Heart Valve Surgery
When heart valves are severely malformed or damaged, there is no medicine to reverse or repair the damage. In most cases, surgery is the only effective option for repairing the valve and and alleviating symptoms.
Heart valve repair: Heart valve repair surgery attempts to preserve the patients native valve. It may include cutting scarred flaps so they open more easily; remodeling valve tissue that has enlarged; or inserting prosthetic rings to help narrow a dilated valve. Because a person's own tissues are used, heart valve repair is possible for aortic regurgitation.
Valve Sparing Root, also known as the David Procedure is a commonly used aortic valve repair technique. When the aorta is dilated, but the aortic valve is structurally otherwise normal, the aorta can be replaced ("root replacement") while preserving the aortic valve ("valve sparing"). This avoids the need for a valve replacement with an artificial valve. Thus offering the possibility for a more durable repair, as well as avoiding the potential need for blood thinning medication.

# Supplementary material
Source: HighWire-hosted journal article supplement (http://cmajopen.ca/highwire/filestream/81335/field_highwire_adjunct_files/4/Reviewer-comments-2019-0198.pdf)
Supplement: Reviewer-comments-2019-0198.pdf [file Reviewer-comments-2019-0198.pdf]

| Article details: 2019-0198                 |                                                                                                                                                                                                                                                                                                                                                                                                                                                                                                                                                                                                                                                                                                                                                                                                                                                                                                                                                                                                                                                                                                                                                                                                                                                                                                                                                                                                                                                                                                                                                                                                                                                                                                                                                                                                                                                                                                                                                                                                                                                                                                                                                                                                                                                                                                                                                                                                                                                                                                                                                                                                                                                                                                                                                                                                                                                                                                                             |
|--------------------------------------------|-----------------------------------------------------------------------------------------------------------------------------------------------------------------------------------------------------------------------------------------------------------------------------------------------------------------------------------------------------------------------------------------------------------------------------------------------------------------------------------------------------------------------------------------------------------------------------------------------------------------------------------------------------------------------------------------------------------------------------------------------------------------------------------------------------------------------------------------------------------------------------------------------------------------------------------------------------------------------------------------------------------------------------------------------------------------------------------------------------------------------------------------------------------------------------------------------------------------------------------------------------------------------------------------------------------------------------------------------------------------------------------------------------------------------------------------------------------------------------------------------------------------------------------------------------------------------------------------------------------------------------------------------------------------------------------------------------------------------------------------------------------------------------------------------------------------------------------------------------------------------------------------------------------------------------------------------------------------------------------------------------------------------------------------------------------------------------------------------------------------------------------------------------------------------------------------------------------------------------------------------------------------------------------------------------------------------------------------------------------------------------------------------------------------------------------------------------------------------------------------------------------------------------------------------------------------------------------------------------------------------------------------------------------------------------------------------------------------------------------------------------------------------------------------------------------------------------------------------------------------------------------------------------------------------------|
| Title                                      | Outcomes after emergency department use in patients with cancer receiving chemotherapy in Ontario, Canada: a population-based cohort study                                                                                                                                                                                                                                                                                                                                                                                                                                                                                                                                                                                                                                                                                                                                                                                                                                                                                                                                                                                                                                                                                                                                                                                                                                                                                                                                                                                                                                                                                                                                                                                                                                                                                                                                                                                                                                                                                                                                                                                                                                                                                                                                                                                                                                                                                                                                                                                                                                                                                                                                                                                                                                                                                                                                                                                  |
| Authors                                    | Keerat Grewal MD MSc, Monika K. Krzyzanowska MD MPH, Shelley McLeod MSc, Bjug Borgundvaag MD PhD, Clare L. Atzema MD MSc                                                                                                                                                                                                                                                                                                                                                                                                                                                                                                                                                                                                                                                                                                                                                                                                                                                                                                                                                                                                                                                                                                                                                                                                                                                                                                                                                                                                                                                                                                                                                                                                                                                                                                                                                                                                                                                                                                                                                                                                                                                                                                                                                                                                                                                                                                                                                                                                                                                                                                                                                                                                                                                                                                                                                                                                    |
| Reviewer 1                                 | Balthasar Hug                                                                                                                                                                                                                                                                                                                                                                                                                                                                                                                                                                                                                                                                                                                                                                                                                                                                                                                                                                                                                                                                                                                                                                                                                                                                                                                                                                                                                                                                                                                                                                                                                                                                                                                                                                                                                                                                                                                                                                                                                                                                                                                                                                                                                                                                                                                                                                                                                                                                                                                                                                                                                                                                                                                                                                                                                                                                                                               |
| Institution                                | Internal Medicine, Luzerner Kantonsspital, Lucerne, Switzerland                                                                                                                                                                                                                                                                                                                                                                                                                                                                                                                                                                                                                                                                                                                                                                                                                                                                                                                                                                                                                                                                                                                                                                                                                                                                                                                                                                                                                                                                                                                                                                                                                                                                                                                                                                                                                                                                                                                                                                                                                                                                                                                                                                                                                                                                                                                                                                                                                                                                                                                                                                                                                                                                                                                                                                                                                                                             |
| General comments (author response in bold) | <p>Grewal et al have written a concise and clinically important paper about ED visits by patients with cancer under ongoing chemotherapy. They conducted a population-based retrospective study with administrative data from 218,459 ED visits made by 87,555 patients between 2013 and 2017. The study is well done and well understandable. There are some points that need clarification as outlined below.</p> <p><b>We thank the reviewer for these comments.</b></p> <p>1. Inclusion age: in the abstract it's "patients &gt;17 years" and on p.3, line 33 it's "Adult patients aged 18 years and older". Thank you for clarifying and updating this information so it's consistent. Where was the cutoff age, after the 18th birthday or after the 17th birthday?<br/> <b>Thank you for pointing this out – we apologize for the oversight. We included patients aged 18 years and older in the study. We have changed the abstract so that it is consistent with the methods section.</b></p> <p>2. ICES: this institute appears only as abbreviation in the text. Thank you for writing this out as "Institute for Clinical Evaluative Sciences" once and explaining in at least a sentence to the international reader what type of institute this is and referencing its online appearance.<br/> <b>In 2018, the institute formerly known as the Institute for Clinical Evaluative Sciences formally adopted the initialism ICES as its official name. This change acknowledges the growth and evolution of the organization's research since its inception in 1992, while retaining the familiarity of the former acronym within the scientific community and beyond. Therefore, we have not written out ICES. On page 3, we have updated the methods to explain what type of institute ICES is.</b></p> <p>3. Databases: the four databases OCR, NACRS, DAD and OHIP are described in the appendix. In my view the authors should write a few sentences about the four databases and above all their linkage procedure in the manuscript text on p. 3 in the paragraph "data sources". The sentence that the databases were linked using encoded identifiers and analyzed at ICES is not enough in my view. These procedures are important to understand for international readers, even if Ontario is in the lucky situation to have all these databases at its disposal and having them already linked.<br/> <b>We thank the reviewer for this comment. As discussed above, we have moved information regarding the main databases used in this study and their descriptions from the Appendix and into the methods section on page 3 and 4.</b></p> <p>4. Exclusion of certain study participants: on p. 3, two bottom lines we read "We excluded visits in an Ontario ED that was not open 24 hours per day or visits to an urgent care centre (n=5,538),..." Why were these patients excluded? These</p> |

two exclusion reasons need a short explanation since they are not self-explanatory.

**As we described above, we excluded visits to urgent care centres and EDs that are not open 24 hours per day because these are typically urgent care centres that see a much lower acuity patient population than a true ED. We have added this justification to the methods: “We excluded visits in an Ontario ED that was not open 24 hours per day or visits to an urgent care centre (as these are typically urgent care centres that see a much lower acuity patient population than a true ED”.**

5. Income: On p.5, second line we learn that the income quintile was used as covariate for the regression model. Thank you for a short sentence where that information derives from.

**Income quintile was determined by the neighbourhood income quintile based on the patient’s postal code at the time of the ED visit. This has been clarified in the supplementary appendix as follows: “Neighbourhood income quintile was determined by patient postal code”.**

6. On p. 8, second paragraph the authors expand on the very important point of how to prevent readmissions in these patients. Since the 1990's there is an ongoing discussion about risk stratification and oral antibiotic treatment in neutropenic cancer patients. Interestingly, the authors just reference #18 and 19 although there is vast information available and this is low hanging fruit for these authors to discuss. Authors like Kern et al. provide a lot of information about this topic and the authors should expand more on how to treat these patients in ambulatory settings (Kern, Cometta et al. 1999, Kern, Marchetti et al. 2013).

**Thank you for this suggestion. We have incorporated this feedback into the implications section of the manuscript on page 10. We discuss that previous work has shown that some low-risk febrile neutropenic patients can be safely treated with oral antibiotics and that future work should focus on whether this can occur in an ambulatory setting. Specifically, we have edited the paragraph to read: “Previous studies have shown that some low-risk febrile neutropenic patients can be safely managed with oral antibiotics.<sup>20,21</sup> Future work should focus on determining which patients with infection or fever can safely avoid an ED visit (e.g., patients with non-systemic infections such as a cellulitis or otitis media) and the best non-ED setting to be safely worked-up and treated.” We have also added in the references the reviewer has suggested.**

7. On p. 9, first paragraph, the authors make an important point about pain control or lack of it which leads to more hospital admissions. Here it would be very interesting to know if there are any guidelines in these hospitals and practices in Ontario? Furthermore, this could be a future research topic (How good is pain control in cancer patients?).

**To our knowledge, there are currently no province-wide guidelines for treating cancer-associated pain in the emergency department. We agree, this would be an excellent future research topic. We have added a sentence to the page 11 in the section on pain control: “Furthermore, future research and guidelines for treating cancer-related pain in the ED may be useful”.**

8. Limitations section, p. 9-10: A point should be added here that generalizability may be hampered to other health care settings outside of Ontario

Heart valve replacement: In some cases, particularly for aortic stenosis, heart valve replacement is necessary. When heart valves are severely malformed or destroyed, they may need to be replaced with a new mechanism. Replacement valve mechanisms fall into two categories: tissue (biologic) valves, which include animal valves and donated human aortic valves, and mechanical valves:
Mechanical valves are made of metal, plastic, or another artificial material and thus have greater durability. The downside is that it requires the patient to remain on anticoagulation for the rest of their life. They are traditionally recommended for patients:
Tissue valves do not require long-term anticoagulation, but they are less durable. They are traditionally recommended for patients:
Durability of a tissue valve is very good, approximately 85% of tissue valves implanted in patients 70 and over are still functioning at 15 years. However, durability is age dependent due to greater hemodynamic demands in younger patients